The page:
Land! The EllaLink transatlantic cable has just arrived in Latin America
After years of planning and collaboration, last March 4th the BELLA program reached an important milestone: the completion of the construction of the new EllaLink submarine cable system that directly connects Europe (the GÉANT network) to Latin America (the RedClara network).
Work now begins to bring connectivity to BELLA, a digital bridge that will substantially help reduce the digital divide in Latin America, challenging the infrastructural monopoly that has so far seen data traffic for the subcontinent pass almost entirely through North America.
What is BELLA?
The BELLA (Building the Europe Link to Latin America) program aims to respond to the connectivity needs of the research and education sectors in Europe and Latin America and is composed of the BELLA-S and BELLA-T projects. The first is related to the actual construction of the cable, deals with managing the spectrum rights on the EllaLink submarine cable and the connectivity requirements, so that they are future-proof, thanks to a spectrum capacity to be dedicated to research and education throughout the life cycle of the cable (approximately 25 years).
Federico Ruggieri, Consortium GARR director, talks about BELLA project
BELLA-T is the project that sees the completion of fibre connectivity for Latin American education and research networks, creating a fibre optic backbone that is adequate to support the capacity (multiples of 100 Gbps) required for an effective interconnection with the European research network GÉANT. BELLA will bring ultra-fast connectivity and equal access for education and research communities across the American continent.
What does this mean, concretely?
When fully operational, in the coming months, BELLA will revolutionise research and education opportunities between Europe and Latin America for decades. High-capacity connectivity and low latency open up new possibilities. To give an example, BELLA will allow rapid access to data from the Copernicus Earth Observation satellite system, increasing collaboration in climate research between the two continents and allowing timely decisions to be made in the event of a disaster or humanitarian emergency, thus helping to save lives; the Cherenkov Telescope Array (CTA), the world's largest and most accurate distributed terrestrial observatory for gamma-ray astronomy, which, once completed, will open a new window to the Universe. With over 100 telescopes located at two sites - La Palma in Spain and near Paranal, Chile - and data management in other European locations, the requirements for data transfer are enormous. BELLA connectivity will enable fast and secure transfer to data centres for event reconstruction and rapid access to scientific data for the global research community.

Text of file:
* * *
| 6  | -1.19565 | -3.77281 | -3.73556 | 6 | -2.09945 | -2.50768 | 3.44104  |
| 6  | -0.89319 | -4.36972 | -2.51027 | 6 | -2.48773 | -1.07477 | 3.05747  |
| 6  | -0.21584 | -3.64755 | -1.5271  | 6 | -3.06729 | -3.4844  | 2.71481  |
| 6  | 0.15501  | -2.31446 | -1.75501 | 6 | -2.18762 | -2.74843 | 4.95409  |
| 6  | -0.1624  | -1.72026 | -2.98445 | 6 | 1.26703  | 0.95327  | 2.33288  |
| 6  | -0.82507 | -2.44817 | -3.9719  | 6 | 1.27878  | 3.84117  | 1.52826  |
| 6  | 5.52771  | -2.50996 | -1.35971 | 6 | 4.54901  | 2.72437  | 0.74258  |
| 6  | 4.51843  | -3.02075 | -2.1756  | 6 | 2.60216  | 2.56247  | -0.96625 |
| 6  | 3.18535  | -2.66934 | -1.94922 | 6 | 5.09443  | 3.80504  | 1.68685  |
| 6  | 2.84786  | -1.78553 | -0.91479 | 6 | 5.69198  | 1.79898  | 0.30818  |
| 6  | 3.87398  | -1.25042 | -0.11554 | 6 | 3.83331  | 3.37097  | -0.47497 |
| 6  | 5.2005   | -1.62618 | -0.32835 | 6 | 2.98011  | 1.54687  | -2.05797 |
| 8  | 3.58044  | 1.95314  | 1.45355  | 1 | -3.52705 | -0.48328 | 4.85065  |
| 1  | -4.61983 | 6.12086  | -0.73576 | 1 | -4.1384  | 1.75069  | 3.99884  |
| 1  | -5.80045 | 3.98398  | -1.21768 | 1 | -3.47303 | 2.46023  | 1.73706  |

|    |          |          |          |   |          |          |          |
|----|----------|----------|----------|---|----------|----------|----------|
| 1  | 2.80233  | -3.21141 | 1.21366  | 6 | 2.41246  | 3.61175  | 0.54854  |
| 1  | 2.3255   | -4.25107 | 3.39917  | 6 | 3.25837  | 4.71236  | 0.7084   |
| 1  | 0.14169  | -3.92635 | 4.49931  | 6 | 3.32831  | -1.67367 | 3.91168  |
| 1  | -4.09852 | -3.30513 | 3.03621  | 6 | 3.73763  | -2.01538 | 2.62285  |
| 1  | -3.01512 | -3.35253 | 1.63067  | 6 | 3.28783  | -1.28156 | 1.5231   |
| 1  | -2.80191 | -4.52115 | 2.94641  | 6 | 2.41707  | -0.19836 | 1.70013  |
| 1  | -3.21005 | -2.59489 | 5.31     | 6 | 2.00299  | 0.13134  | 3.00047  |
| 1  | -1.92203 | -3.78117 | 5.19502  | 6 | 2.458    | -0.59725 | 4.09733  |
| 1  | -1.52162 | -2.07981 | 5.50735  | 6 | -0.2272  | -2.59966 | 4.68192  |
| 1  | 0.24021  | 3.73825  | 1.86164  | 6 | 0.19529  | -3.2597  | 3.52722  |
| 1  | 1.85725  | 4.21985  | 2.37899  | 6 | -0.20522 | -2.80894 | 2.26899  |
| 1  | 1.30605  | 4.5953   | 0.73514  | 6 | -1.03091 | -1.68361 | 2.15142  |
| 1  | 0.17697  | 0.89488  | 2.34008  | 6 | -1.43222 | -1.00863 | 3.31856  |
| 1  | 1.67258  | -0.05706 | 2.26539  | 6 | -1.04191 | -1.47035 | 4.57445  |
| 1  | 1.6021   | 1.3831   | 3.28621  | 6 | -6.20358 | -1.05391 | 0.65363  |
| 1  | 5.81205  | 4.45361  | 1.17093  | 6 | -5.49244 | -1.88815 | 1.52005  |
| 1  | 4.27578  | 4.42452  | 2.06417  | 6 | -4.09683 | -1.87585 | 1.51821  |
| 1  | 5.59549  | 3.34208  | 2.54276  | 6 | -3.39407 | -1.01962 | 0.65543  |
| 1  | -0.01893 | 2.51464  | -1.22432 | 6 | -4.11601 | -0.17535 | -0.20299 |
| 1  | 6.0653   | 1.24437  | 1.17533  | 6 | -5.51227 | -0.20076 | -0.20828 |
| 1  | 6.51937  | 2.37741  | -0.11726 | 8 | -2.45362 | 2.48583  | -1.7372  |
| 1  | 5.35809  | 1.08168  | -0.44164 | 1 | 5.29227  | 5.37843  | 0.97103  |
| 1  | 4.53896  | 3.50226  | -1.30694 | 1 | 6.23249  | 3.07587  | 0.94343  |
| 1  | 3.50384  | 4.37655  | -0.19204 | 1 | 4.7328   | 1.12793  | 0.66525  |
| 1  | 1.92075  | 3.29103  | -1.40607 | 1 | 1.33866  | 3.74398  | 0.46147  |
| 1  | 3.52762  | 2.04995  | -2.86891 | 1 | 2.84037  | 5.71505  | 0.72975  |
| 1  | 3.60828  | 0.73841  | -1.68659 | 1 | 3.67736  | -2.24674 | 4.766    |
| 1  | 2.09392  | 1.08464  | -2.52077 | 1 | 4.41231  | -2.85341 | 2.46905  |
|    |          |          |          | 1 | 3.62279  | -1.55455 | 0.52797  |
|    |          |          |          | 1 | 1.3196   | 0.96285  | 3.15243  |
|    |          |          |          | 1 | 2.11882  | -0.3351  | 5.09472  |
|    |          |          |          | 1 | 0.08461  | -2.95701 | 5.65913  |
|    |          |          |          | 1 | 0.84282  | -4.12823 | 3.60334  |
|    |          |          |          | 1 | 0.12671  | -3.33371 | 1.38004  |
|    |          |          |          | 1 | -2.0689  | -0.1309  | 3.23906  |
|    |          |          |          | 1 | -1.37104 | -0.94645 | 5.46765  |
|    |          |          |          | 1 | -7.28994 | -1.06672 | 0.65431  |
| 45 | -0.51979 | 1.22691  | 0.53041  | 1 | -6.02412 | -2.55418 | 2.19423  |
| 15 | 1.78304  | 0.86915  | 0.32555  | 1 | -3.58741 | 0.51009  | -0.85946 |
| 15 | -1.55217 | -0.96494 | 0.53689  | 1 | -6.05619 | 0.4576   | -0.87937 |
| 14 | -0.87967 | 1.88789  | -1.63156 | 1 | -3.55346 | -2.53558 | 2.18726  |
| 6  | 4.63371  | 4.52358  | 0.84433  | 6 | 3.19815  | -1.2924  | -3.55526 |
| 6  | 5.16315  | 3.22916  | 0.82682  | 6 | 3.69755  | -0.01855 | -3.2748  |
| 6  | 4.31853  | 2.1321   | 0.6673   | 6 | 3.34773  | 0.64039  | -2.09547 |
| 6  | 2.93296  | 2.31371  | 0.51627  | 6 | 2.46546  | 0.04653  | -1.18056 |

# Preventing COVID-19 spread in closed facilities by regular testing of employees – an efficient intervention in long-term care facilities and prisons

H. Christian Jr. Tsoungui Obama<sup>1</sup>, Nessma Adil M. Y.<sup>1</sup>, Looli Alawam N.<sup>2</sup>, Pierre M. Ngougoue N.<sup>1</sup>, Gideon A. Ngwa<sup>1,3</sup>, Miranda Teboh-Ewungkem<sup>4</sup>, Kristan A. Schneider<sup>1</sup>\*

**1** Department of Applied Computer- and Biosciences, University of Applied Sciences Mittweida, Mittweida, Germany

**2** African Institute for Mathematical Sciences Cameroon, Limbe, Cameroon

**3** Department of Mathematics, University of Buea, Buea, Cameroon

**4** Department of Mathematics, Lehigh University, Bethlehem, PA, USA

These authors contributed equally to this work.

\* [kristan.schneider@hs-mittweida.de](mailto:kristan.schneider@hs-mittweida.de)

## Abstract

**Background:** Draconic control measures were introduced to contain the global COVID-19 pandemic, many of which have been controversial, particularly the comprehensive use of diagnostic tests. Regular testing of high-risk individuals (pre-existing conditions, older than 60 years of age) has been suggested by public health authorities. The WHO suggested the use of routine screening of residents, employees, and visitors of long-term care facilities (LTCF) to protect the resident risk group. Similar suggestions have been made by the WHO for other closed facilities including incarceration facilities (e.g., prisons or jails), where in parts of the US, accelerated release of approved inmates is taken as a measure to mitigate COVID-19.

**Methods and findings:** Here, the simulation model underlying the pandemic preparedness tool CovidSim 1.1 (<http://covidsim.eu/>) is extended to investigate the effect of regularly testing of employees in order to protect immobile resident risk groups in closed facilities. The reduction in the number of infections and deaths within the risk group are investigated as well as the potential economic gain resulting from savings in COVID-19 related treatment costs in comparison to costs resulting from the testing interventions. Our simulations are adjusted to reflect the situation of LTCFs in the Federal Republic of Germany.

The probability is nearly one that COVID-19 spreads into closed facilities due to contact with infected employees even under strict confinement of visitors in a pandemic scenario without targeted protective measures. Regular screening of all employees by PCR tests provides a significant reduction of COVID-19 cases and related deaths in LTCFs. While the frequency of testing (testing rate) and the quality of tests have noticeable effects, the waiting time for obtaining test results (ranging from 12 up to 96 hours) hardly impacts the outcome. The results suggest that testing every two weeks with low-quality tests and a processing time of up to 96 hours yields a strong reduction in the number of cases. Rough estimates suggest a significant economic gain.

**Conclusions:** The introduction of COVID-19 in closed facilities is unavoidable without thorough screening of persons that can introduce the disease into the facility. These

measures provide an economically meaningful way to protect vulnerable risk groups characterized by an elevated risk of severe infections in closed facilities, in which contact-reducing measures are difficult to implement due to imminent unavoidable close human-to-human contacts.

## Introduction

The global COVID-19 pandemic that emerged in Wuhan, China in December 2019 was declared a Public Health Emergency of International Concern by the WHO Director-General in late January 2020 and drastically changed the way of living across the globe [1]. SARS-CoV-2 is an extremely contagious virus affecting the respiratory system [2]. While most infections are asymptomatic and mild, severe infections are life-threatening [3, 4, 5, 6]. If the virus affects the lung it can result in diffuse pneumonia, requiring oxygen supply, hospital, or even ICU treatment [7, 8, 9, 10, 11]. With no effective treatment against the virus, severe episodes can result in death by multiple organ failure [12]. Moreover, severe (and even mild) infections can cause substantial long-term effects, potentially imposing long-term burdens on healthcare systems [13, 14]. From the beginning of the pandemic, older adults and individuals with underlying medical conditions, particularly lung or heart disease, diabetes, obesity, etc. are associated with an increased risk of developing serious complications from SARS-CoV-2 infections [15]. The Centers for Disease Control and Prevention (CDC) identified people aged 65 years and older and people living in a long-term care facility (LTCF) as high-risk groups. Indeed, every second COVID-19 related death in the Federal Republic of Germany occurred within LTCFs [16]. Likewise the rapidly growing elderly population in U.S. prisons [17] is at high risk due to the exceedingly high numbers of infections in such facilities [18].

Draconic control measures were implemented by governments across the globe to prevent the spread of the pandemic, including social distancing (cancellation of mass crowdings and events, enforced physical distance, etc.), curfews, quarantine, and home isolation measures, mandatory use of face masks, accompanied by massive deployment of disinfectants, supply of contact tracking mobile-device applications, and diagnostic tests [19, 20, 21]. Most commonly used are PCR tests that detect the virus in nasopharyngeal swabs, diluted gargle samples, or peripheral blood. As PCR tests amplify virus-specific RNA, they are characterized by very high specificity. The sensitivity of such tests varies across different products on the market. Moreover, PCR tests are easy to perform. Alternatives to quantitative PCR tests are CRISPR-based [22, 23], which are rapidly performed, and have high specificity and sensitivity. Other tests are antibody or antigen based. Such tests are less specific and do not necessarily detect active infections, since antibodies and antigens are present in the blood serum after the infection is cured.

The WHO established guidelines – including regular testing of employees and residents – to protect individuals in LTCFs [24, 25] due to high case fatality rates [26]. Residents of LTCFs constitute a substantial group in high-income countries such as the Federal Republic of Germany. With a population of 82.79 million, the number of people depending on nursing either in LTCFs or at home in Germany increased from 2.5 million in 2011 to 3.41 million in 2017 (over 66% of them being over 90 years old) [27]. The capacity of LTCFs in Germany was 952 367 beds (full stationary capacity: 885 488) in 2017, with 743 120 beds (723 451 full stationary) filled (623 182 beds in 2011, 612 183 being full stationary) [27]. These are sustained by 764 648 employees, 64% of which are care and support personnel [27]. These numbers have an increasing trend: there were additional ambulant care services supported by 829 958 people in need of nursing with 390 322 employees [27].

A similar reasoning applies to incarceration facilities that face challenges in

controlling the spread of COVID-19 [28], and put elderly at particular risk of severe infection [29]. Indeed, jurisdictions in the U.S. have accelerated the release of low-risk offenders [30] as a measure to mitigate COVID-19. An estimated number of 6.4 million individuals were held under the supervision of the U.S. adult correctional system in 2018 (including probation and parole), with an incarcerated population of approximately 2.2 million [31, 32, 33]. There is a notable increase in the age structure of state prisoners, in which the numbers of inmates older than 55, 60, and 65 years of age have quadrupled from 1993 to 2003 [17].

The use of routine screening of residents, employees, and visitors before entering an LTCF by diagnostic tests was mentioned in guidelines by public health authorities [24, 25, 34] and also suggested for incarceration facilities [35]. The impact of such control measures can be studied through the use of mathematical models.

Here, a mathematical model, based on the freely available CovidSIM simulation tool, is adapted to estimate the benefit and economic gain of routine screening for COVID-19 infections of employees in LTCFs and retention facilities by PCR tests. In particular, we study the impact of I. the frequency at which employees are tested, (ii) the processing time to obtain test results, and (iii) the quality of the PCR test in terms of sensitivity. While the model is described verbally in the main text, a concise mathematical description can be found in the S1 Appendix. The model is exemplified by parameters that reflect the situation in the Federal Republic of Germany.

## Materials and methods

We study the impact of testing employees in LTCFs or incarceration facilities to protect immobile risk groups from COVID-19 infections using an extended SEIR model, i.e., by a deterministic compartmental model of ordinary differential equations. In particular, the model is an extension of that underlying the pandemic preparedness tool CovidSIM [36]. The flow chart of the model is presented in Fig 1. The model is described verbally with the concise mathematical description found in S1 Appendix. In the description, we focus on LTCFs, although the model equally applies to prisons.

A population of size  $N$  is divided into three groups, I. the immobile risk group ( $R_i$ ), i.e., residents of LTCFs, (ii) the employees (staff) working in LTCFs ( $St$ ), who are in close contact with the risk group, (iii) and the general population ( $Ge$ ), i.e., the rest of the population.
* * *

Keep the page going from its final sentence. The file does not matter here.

In addition to the obvious advantages for the scientific community, BELLA is also expected to have an impact at the economic and societal level of the subcontinent: in fact, part of the cable's capacity will be open to commercial use. This will help bridge the digital divide and stimulate Latin American economic development by increasing the availability of broadband connectivity and lowering the cost of accessing the network. According to a recent report by the International Telecommunication Union (ITU), a 10% increase in fixed broadband penetration would produce a 1.9% increase in GDP per capita.
What is the role of GARR?
The Italian research and education network GARR has been playing a leading role in the development of the project, which covers a distance of approximately 5,500 km of ocean. GARR has been part of this adventure from the very beginning, as coordinator of the preparatory project (ELLA) and as a partner on the European side of the BELLA consortium and of the BELLA-T project, co-financed by the European Commission.
"Now that having an efficient, robust and resilient digital infrastructure is among the priorities of all countries, it is amazing to realise how visionary the BELLA project was, the result of a transatlantic collaboration that lasted many years" comments GARR Director, Federico Ruggieri. “We are proud to be part of this endeavour and for sure BELLA represents a milestone in the history of collaboration between Europe and Latin America”.